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The Haz Waste Program looks back on 30 years

Blue background with green text that reads 30th Anniversary - Celebrating three decades of protecting human health and the environment

Celebrating three decades of improving environmental and public health

From 1990-1991, the state of Washington directed local governments to ensure proper management of hazardous materials and waste. In turn, King County created the Hazardous Waste Management Program (Haz Waste Program).   

In the 30 years since, the Haz Waste Program has strived to protect and enhance public health and environmental quality in King County by reducing threats posed by the production, use, storage, and disposal of hazardous materials. 

Many frequently-used household products like cleaning supplies, motor oil, varnish, oil-based paints, or pesticides have toxic, corrosive, flammable, or reactive ingredients. These products are considered “hazardous materials” because their ingredients can threaten our environment and our health. Once used, proper disposal of these materials and their hazardous waste is critical in protecting King County's residents and environment. 

A single house or business typically produces only a small amount of hazardous waste in a year. Yet, across the 2.1 million residents and more than 60,000 small businesses of King County, the total amount of hazardous waste produced can lead to larger problems for public health and the environment. That’s where the Haz Waste Program comes in. 

The Haz Waste Program’s accomplishments to date are inspiring: 

  • In 2020, the Haz Waste Program kept three million pounds of hazardous waste out of the environment. 
  • The Haz Waste Business Services Program continues to earn national recognition for its work  helping dry cleaning companies switch to more environmentally-friendly cleaning practices.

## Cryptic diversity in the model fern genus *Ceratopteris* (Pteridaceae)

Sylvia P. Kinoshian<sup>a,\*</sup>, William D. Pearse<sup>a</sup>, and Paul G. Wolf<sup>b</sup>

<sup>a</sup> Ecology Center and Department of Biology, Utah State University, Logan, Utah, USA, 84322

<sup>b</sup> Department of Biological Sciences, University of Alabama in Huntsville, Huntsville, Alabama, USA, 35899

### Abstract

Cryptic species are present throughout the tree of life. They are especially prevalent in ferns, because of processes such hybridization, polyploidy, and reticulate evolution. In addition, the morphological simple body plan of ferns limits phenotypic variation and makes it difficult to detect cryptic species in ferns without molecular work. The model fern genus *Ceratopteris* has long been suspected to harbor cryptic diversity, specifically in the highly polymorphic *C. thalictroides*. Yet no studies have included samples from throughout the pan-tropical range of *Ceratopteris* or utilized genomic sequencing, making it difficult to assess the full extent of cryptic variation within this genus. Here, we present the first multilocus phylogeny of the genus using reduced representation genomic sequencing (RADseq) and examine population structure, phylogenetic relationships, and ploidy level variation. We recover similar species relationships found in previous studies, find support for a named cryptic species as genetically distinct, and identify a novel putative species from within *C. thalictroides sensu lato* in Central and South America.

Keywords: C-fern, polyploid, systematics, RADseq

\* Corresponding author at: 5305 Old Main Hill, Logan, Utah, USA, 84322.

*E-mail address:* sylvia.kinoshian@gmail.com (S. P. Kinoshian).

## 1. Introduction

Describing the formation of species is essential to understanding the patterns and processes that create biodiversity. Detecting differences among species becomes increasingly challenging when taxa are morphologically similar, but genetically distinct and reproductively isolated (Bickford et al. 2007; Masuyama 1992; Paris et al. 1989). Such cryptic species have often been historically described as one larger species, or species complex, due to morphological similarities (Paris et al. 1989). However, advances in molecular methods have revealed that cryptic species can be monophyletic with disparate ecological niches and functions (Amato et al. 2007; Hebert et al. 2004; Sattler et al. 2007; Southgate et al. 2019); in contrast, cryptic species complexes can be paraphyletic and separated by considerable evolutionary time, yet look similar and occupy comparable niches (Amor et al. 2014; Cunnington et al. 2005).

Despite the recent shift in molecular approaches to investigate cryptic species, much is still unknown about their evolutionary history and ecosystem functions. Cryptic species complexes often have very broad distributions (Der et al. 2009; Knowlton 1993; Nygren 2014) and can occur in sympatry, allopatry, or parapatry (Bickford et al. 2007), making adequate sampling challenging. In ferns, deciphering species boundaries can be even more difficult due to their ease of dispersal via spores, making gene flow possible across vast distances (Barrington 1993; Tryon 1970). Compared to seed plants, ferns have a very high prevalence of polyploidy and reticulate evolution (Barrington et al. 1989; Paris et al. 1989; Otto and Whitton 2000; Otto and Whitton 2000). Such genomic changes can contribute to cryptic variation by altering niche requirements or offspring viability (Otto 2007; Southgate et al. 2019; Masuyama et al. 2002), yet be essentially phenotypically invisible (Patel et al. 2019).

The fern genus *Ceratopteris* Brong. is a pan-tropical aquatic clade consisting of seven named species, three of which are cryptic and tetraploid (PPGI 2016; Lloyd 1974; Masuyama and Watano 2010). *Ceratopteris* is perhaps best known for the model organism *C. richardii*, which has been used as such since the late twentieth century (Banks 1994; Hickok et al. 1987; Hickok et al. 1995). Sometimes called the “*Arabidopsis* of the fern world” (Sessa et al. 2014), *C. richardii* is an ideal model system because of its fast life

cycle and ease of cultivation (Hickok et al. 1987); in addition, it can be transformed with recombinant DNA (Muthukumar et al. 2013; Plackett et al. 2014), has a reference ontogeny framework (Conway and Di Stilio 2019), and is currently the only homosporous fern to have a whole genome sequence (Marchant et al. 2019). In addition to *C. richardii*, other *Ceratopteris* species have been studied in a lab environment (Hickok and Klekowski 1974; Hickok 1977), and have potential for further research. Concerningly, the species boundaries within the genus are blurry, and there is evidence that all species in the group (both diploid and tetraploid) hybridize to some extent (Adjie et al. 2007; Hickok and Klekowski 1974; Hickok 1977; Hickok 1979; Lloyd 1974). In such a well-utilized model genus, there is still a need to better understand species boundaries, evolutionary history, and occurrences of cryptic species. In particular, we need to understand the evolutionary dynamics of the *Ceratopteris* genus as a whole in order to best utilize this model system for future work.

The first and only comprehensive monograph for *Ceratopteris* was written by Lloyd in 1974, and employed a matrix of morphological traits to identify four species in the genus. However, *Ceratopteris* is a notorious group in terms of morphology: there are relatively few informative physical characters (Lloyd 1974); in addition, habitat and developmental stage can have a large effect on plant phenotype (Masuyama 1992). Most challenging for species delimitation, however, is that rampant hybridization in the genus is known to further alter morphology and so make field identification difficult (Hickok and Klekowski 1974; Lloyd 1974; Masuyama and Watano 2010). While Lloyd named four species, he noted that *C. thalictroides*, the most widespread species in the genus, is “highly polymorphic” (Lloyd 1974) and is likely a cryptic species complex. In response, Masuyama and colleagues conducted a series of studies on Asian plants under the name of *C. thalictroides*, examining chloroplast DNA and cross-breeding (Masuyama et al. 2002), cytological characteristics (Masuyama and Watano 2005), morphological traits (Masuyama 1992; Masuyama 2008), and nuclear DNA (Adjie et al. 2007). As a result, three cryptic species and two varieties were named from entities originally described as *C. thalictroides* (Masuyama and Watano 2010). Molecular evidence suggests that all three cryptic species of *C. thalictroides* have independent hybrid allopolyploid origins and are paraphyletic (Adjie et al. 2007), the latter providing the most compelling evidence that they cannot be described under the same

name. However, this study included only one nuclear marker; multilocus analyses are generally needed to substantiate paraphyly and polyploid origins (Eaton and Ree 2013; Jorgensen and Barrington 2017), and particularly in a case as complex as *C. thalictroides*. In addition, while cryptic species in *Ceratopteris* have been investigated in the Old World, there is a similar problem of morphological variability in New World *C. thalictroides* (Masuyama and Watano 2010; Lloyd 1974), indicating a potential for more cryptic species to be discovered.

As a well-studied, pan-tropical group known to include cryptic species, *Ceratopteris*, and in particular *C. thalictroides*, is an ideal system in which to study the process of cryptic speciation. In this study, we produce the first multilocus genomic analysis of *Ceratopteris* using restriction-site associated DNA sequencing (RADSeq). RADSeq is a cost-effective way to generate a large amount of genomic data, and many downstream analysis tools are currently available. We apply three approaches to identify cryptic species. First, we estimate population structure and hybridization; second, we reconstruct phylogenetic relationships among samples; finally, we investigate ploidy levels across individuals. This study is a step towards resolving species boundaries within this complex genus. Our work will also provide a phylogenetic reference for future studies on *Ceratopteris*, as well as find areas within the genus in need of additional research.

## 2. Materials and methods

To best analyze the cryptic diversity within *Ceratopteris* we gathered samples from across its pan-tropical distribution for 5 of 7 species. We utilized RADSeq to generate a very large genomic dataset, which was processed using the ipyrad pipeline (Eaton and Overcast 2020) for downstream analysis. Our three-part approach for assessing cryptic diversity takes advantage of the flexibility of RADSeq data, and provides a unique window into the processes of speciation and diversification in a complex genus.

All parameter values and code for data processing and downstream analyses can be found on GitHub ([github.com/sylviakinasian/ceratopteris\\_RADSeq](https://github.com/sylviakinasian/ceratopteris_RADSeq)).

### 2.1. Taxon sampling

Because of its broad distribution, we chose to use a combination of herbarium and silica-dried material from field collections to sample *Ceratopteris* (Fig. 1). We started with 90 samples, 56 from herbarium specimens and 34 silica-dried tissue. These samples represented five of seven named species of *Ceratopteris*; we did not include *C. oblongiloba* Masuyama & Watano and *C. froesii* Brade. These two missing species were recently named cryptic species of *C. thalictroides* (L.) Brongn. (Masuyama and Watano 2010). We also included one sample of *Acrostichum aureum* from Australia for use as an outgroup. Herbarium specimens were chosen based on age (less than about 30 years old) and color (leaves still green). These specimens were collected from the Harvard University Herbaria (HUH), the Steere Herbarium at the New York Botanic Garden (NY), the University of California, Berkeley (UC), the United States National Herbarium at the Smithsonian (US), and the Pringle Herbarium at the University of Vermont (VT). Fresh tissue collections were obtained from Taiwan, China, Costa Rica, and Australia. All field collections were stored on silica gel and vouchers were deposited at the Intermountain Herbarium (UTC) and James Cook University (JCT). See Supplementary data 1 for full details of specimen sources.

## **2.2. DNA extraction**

• Throughout 2020, the Haz Waste Program worked with partners to collect 114,500 pounds of hazardous waste at partner-sponsored collection events. 
  • The Haz Waste Program supplied $432,535 in grants to city and tribal partners for hazardous waste materials outreach and collection events in 2020. 
  • Haz Waste Program staff discovered new and effective strategies for delivering services during the COVID-19 pandemic and were able to offer technical assistance to more than 2,000 people.  

To celebrate the program’s 30th anniversary, current staff shared what inspires them about the work they do as part of the Haz Waste Program. 

Clyde Parker, Environmental Field Supervisor  

“I am inspired by the work we do in collection services. Every item dropped off at our collection sites is properly handled and sorted into a hazard category before disposal.” 

Emmanuel Rivera, Health & Environmental Investigator IV 

“I am inspired by our racial equity work and how we have added equity and social justice into our work plans and daily activities. I am also proud of the work we are doing to raise awareness about the potential harm from cleaning products and mixing products. Our efforts to inform communities on how to choose safer products by reading labels, looking for signal words, and using third-party certified products is improving the health and safety of our residents and business owners.” 

Jeff Gaisford, Recycling & Environmental Services Manager 

“I am inspired by the knowledge, skills, and collaboration of our Program staff. I am most proud of the Secure Medicine Return project we helped create in 2014 with the Board of Health. King County was only the second jurisdiction in the country to establish a product stewardship medicine take back program, and the State of Washington followed by passing legislation for a statewide program based on the King County program.”   

As we look towards the next 30 years, the Haz Waste Program staff recognize that race and ethnicity are still determinants of hazardous materials exposure in King County and around the nation. To confront disparities that exist, the Haz Waste Program is committed to leading with racial equity and plans to continue to address root causes of inequities and make even greater impacts in—and with—the community we serve. 


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